Page 155 - British Inquiry into Loss of RMS Titanic Day 10 -13
P. 155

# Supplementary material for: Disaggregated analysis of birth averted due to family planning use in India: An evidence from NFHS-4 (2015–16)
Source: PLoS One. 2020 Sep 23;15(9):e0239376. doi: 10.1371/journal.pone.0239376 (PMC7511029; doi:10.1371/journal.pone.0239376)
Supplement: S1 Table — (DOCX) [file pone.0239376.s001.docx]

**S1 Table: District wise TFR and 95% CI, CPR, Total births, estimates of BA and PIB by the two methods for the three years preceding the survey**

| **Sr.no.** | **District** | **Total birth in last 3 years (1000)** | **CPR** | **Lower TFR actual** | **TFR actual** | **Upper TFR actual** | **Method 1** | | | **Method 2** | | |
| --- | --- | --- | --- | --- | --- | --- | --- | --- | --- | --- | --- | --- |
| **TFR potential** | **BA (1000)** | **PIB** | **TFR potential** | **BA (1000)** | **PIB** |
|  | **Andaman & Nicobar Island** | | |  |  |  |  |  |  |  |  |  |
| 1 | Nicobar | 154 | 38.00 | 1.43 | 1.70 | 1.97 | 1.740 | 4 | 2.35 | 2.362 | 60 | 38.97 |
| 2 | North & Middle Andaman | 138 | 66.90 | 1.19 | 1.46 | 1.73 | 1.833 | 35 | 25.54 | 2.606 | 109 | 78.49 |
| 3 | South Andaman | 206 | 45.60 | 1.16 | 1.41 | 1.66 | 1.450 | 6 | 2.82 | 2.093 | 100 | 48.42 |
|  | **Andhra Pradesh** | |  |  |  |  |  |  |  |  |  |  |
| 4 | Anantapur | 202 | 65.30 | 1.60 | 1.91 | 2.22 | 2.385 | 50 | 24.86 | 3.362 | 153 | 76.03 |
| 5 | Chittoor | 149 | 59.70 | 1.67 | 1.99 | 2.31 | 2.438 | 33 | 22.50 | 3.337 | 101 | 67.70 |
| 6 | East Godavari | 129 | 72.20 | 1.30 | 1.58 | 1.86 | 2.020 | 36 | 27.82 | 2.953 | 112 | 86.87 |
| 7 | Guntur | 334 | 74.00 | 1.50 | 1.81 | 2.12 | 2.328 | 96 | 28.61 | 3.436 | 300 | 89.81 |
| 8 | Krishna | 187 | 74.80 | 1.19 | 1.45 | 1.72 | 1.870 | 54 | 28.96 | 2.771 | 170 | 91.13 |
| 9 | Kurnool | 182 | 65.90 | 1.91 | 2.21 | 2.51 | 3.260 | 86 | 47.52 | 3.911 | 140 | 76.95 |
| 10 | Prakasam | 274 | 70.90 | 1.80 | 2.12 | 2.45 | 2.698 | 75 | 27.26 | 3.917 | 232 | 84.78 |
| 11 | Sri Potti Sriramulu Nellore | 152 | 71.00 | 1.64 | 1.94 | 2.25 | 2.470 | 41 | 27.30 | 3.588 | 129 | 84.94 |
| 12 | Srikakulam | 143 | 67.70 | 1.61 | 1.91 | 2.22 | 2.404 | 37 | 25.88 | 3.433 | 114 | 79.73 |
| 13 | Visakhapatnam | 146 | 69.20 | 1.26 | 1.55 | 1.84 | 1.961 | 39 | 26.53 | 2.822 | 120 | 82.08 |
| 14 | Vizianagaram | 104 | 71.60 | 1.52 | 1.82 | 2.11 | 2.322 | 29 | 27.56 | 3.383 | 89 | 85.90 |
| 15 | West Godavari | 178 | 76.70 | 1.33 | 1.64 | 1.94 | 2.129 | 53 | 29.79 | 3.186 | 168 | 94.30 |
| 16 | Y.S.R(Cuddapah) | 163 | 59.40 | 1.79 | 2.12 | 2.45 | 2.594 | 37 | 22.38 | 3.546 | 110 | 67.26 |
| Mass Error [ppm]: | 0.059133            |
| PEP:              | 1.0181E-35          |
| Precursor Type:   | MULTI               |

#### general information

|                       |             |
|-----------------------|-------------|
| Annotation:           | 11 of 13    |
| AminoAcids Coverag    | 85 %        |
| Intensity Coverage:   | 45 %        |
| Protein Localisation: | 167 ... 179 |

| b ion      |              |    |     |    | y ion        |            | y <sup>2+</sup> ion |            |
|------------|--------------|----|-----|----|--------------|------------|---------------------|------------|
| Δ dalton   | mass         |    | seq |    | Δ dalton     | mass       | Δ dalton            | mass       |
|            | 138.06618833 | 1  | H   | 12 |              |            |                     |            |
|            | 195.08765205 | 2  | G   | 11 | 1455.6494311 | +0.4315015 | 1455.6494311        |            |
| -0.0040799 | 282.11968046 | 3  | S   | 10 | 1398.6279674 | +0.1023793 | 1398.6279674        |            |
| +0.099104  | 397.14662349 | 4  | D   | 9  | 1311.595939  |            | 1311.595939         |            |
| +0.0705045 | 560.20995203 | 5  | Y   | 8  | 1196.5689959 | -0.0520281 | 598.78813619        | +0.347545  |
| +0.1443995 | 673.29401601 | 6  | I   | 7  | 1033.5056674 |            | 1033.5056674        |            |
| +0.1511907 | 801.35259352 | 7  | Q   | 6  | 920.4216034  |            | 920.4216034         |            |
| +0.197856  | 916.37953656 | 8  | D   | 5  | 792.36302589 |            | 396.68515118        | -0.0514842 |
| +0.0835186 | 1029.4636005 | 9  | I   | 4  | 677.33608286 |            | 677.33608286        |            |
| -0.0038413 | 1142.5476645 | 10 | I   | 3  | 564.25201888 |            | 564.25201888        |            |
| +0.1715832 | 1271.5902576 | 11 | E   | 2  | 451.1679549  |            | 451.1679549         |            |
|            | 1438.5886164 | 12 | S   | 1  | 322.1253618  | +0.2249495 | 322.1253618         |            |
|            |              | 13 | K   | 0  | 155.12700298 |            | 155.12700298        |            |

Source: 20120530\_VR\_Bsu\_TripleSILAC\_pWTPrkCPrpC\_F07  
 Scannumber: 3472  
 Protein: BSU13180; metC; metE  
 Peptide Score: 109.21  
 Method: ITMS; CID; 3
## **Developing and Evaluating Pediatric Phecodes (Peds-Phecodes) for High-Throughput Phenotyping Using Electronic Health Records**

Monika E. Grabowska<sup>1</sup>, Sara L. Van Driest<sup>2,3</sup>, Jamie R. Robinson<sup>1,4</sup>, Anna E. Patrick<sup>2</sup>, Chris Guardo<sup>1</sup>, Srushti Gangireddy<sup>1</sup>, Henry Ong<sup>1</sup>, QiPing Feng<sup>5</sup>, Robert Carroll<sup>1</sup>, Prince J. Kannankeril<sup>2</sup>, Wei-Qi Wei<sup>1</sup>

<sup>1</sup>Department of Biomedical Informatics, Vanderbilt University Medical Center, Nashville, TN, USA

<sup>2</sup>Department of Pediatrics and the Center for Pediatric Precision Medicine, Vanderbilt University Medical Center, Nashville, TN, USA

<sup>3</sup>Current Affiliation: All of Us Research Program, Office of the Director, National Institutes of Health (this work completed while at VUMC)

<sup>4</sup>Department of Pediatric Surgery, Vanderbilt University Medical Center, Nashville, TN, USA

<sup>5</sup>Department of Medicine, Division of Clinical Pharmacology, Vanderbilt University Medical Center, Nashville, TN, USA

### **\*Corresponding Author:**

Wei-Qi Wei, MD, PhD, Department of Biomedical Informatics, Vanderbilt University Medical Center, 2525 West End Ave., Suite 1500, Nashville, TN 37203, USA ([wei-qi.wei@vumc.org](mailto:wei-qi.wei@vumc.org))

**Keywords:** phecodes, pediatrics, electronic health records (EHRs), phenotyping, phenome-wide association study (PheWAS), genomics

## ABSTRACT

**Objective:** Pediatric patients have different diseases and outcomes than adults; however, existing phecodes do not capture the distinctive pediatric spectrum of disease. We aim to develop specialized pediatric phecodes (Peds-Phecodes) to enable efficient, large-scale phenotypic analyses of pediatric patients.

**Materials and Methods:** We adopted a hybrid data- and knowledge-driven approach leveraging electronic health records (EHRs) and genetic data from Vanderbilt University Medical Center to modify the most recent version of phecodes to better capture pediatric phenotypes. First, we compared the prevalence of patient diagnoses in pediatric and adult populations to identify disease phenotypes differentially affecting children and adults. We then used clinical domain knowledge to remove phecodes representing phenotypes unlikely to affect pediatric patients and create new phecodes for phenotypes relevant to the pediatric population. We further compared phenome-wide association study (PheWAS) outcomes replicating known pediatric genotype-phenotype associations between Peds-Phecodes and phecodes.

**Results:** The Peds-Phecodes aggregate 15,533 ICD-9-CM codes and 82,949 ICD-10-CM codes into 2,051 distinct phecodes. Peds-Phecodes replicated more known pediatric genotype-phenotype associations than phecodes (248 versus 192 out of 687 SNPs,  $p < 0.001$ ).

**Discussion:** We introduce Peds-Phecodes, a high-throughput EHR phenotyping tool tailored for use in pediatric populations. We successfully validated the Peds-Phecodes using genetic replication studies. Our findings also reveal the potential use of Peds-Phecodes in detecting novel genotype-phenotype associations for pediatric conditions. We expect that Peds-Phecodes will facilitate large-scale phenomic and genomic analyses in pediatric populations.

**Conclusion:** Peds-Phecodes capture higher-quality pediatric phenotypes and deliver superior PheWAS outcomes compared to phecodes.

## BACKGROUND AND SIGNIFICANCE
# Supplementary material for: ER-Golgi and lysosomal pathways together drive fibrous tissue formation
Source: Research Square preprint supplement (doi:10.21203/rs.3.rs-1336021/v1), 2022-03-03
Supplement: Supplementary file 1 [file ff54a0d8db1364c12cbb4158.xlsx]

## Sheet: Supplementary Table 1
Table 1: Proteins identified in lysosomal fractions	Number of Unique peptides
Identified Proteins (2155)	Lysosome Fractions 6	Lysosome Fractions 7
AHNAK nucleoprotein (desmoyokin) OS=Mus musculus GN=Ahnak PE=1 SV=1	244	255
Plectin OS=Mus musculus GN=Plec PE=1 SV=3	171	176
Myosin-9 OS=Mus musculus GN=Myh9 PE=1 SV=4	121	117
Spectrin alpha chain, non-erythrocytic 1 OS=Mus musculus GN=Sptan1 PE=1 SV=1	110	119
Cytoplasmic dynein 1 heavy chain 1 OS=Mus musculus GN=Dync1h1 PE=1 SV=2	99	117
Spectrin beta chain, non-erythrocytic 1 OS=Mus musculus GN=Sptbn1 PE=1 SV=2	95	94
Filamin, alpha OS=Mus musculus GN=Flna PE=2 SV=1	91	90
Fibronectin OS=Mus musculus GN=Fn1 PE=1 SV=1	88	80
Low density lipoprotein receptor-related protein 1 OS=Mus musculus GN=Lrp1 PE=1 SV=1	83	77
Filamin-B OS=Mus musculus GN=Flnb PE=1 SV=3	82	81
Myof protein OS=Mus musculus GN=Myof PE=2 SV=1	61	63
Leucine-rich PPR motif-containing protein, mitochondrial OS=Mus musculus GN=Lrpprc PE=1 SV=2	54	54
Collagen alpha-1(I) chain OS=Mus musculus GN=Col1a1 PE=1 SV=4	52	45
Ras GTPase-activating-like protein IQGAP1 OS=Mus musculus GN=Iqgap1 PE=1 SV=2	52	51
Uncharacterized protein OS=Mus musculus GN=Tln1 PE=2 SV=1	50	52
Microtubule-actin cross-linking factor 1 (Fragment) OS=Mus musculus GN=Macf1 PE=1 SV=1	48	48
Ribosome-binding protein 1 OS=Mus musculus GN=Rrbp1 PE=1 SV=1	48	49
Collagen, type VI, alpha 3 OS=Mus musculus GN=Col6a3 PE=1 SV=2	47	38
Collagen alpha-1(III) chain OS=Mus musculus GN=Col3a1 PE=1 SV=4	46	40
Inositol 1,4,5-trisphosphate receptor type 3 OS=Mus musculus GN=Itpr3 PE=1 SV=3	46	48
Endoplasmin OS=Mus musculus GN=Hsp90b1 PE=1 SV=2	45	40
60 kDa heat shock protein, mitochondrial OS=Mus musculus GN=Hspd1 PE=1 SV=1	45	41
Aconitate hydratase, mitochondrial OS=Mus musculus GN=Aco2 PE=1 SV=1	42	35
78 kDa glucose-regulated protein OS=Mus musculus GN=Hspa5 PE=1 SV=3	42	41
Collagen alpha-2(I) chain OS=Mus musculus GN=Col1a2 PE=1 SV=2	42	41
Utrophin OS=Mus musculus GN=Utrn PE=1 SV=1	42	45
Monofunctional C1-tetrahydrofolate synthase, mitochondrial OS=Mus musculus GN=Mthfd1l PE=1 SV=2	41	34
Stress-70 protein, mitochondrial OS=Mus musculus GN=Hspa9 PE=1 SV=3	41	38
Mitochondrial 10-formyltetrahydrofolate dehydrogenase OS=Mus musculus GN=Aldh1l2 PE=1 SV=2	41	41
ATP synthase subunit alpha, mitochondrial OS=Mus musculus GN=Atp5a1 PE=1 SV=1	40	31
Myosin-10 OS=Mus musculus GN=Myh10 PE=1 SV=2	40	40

Examined by Mr. SCANLAN. 14219. You are the senior officer of all the officers who have survived the “Titanic” disaster? - Yes. 14220. I want to ask you one question about the construction of the boat from the point of view of filling the lifeboats. Your Lordship asked if this had been referred to in the evidence before, and I may point out that it is referred to at page 208 in the evidence of James Henry Moore, who was the captain of the “Mount Temple,” at the foot of the second column of page 208, Question 9303 onwards to the end of that column. The Commissioner: Yes, I have read that. 14221. (Mr. Scanlan - To the Witness.) Did you know that it was intended, if the lifeboats were required to be used, that the boats might be filled with the crew, might take their crew, on the A deck and be lowered into the water and then filled from those gangway doors on E deck? - I do not quite follow you. 14222. Let me put this to you: You said that you ordered the gangway doors on E deck to be opened? - Yes. 14223. For what purpose? - Naturally for putting the passengers into the boat. 14224. I want you to explain to my Lord how you would put the passengers into the boat from the gangway doors? - Most probably by what we term a pilot ladder - a rope ladder. The men would be able to climb down the rope ladder. 14225. Had you such a rope ladder in readiness? - Oh, yes, plenty in the ship. 14226. For that purpose? - Yes. 14227. I think, just towards the end of your evidence, you stated to my learned friend that the Captain had ordered the boats through the megaphone to “Come to,” that is, to come along the ship’s side, and you said that his object was no doubt to get them near these gangway doors? - I think I said if I remember rightly that probably that may have been his object with reference to the gangway doors. He did not know about my order about the gangway doors. 14228. Had you understood between you and the Captain, that this was one way of filling the lifeboats in the event of the lifeboats being required? - I had not discussed the matter with the Captain. 14229. How was it that it occurred to you and to the Captain at the same time? - I do not know that it occurred at the same time. 14230. But it did occur to both of you? - It came to both our minds and naturally anyone familiar with the ship, any seaman, any one attached to the ship, would know at once that was the best means of putting the people into the boat - by the gangway doors. 14231. Is that a better means of putting people into a lifeboat - a safer means I mean - than having the boat filled on the boat deck 70 feet above the water and then lowered down? - Do you mean filled to her utmost capacity? 14232. Yes. - Yes, it is far better to get the boat water borne. 14233. If a boat is filled to its utmost capacity on the boat deck there is a possibility of two dangers, either the falls may prove insufficient or the boat may buckle and break. I think that is the effect of your evidence? - That is right. 14234. Is it a practicable way of filling a lifeboat in any kind of sea and weather conditions to lower her into the water practically empty and then fill her from those gangway doors? - Oh yes. 14235. You do not see any greater difficulty in filling her from those gangways doors in rough weather than in lowering her from the boat deck? - In rough weather I am afraid that boating altogether is a pretty big problem, more than we could discuss here. There are so many things before that to be taken into consideration. 14236. I know, but it is just because of your vast experience - you hold a master’s certificate
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